Wednesday, July 24, 2019

Trigger Point Self Massage

Trigger point techniques are used in professional settings to relieve tension, both via massage and dry needling. Here we’ll learn how someone can use trigger point therapy at home, in between therapy appointments.


Who can benefit from manual trigger point therapy?


Trigger points often present as “regional, persistent pain that results in a decreased range of motion of the muscle in question”. It is common for trigger point pain to appear in muscles that maintain posture, during muscle activity. However, trigger points can also present constant pain in rare cases. If you are experiencing these symptoms, it’s possible that you are dealing with a trigger point related issue.

Due to busy schedules, financial obligations and a variety of other real-world circumstances, it’s unlikely that you are able to fit in an appointment every time you need one to professionally alleviate this sort of muscular tension and stiffness. However, that does not nullify the importance of relieving those muscle knots as soon as they arise, rather than waiting until your schedule permits.

Trigger point techniques are widely used by professionals in order to alleviate body stiffness and tension, but recent studies have shown that a manual or at-home trigger point massage can also be highly effective in terms of pain moderation and tension release. Self-massage for trigger points can also have “superior short-term outcomes” for patients struggling with plantar heel pain, in particular.

Finding trigger points for self-massage

The first step in manual trigger point therapy is understanding where and how to find sensitive spots that will assist in overall pain reduction. The most common physical manifestations of a trigger point are:


  • Hypersensitive area of muscle that may be slightly harder than usual
  • Radiation of pain throughout the area when trigger point is pressed on using fingers or trigger point ball



Tips for at-home trigger point therapy

If you have visited a physician and determined the exact location of your trigger point, trigger point balls can be an excellent tool for providing overall pain reduction by massaging your trigger point. One study compared this sort of trigger point therapy to sham therapy in patients struggling with unilateral shoulder pain caused by pressure points, revealing that the manual trigger point therapy was significantly more effective than the placebo treatment. To use a trigger point ball:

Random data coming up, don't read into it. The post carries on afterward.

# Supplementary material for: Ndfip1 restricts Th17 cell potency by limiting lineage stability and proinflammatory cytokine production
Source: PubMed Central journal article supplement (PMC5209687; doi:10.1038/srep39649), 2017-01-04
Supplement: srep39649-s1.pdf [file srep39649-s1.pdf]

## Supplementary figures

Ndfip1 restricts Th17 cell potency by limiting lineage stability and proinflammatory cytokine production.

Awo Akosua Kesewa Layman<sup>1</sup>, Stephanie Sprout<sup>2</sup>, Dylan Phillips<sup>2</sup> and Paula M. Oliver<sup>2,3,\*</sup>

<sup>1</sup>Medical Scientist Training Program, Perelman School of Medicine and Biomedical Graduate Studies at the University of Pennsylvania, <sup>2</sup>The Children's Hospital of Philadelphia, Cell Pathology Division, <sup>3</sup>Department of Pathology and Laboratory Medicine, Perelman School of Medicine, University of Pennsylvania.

• Position it on the chosen trigger point
  • For back or glute pain, place the ball between the floor and the trigger point and slowly roll in order to reduce tension
  • For shoulder and upper back, place the ball between a wall and the trigger point
  • For neck pain, use the palm to apply pressure to the ball and roll back and forth


If you can’t exactly determine the trigger point that is the root of your generalized muscle pain, using a trigger point foam roller can provide a self-massage that covers a larger surface area of muscle at a time. In addition to trigger point therapy, this type of foam roller can also be used to assist with:


  • IT Band injuries
  • General muscle tightness
  • Exercise recovery
  • Yoga or pilates


For a mixture of the localized pressure from the trigger point ball and the more general massage capabilities of the foam roller, we recommend using a spiky massage ball, whose soft spikes rejuvenate muscle by targeting tension and stimulating blood flow, similar to the effects of a professional sports massage. The spiky massage ball is used in the same way as the trigger point balls, but is often used as well for the treatment of aching feet caused by plantar fasciitis.





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